Thank you all for your clever questions, for your insightful problem-solving, and for your enjoyable Firestorm presentations! It was a pleasure to teach you all, and I hope you enjoy the rest of your summer.
Slides from the quiz review game
Booklet of puzzles that you all submitted
Present a 5-minute class to your peers!
Covered in class: Interactive proofs. Additional resources – Sipser 10.4.
Homework: Prepare to teach your Firestorm class on Wednesday! Remember, 5 minutes.
Covered in class: Diffie-Hellman key exchange example and the RSA cryptosystem. Additional resources – Sipser 10.6.
Reading: None today! Optionally, you can try to install PGP and get yourself your very own public/private key. I would be happy to sign your PGP key. Let me know if you encounter any issues.
Reading, due Monday: read The Limits of Quantum by Scott Aaronson. Write: If P is not equal to NP, might it still be possible that certain methods for cryptography -- which rely on factoring being hard -- might be broken?
Covered in class: All about prime numbers.
Reading, due Thursday: read Quantum-Mechanical Computers by Seth Lloyd. Write: Presumably you had some preconceived notions about quantum computing. Name one thing that you learned about quantum computing that was unexpected or that surprised you.
Covered in class: NP-completeness. Cook-Levin theorem and CircuitSAT. NP-completeness reductions: 3-coloring widgets, Super Mario widgets, and Pokemon widgets. Additional resources: Sipser 7.4, Sipser 7.5.
In-class problem-solving: 3-coloring, Super Mario, and Pokemon.
Reading, due Tuesday: read section 2 (“The Basics”) and section 3 (“Soap Bubbles et al.”) of NP-Completeness and Physical Reality by Scott Aaronson. Write: What “experiment” does Scott Aaronson perform, and how do you interpret the results?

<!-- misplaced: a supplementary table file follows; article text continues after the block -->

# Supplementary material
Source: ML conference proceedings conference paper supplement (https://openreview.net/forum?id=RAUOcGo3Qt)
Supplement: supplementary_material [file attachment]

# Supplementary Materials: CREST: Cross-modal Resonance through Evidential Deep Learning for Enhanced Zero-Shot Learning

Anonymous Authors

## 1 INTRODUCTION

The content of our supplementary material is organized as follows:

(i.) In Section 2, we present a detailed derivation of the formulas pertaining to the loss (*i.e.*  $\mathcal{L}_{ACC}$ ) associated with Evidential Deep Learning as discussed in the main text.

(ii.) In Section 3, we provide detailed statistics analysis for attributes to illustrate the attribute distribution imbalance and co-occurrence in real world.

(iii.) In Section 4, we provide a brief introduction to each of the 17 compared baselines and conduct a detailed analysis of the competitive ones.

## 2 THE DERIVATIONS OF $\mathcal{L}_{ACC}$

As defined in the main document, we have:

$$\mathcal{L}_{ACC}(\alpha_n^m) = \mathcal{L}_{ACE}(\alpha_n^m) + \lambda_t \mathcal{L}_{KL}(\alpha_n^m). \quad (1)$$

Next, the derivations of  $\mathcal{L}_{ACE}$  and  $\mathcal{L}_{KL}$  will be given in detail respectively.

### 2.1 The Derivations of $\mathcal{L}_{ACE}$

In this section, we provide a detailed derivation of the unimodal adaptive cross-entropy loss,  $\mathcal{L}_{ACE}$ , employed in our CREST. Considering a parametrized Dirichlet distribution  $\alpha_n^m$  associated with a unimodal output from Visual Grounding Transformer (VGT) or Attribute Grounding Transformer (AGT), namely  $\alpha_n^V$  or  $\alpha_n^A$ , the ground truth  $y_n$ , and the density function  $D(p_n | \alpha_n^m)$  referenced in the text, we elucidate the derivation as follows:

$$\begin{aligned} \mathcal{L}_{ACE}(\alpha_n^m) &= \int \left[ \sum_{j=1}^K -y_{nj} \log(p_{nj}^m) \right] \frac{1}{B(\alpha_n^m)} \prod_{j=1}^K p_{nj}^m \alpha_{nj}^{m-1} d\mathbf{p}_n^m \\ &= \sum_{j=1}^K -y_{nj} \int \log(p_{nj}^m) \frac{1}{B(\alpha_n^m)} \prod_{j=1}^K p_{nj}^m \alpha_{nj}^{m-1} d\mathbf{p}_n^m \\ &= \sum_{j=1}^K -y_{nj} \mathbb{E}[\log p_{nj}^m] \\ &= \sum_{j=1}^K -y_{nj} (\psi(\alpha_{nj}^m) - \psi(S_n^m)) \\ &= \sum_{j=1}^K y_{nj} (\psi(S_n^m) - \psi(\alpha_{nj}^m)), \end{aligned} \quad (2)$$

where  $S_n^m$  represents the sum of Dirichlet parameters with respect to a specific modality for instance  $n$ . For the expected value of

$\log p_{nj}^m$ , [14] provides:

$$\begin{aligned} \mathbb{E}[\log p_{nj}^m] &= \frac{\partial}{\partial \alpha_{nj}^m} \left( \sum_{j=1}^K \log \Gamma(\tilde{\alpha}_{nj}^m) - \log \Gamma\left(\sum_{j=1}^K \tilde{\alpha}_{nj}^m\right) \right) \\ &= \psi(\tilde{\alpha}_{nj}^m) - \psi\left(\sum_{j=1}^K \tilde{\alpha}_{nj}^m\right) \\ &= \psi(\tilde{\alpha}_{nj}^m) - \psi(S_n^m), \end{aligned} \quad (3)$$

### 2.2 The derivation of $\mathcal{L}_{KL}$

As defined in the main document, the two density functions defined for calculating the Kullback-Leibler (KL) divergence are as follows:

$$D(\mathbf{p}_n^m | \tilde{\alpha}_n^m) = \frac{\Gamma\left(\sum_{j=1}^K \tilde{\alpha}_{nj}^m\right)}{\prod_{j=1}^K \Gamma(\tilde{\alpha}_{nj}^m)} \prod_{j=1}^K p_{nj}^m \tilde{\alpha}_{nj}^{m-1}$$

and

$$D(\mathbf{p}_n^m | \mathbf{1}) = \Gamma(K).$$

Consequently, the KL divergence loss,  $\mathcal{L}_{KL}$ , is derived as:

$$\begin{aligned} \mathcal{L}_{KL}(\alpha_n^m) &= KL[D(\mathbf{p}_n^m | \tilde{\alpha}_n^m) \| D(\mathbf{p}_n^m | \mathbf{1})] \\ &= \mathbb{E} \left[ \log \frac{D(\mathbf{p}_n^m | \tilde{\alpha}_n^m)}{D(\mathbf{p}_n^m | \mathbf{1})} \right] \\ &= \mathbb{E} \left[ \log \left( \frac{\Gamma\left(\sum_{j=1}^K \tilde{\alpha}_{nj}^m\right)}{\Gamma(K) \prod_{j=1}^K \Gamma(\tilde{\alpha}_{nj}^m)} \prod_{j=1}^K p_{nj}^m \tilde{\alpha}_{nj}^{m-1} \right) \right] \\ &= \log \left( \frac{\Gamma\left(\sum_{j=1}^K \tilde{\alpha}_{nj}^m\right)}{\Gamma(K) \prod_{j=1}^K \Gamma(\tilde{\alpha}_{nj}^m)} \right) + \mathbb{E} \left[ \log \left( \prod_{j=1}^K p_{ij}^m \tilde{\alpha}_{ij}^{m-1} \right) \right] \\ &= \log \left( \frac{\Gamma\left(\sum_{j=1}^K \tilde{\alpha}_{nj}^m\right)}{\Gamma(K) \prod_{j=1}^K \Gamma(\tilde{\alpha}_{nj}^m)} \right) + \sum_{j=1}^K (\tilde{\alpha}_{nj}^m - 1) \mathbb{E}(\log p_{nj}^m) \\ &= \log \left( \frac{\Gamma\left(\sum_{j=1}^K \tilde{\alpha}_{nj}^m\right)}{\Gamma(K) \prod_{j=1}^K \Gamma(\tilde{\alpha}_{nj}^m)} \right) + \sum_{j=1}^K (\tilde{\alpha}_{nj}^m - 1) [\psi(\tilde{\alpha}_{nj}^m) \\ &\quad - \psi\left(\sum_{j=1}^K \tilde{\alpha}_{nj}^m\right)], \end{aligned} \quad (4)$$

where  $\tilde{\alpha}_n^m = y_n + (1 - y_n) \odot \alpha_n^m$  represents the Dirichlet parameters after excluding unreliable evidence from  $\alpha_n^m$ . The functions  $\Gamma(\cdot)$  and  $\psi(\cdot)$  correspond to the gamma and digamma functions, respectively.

Optional, but enjoyable, are the first two paragraphs each of section 6 (“Relativity and Analog Computing”), section 8 (“Time Travel Computing”), and/or section 9 (“‘Anthropic Computing’”).
Covered in class: P, EXP, and NP. Two definitions of NP: as "non-deterministic Turing machines' polynomial time" and as "things you can verify in polynomial time". Additional resources: Sipser 7.1, Sipser 7.2, Sipser 9.1.
In-class problem-solving: P versus NP problems.
Reading, due Monday: The Status of the P Versus NP Problem by Lance Fortnow. Write: Why would a solution to the P versus NP problem be important for mathematics?
Covered in class: Reviewed how to use big-O notation. More on asymptotic analysis and analyzing algorithms. Finished up the problems from yesterday. Introduced P and EXP (and PSPACE and EXPSPACE). Additional resources: Sipser 9.1, Sipser 9.2 (but both are highly detailed in a way that is beyond the scope of this course).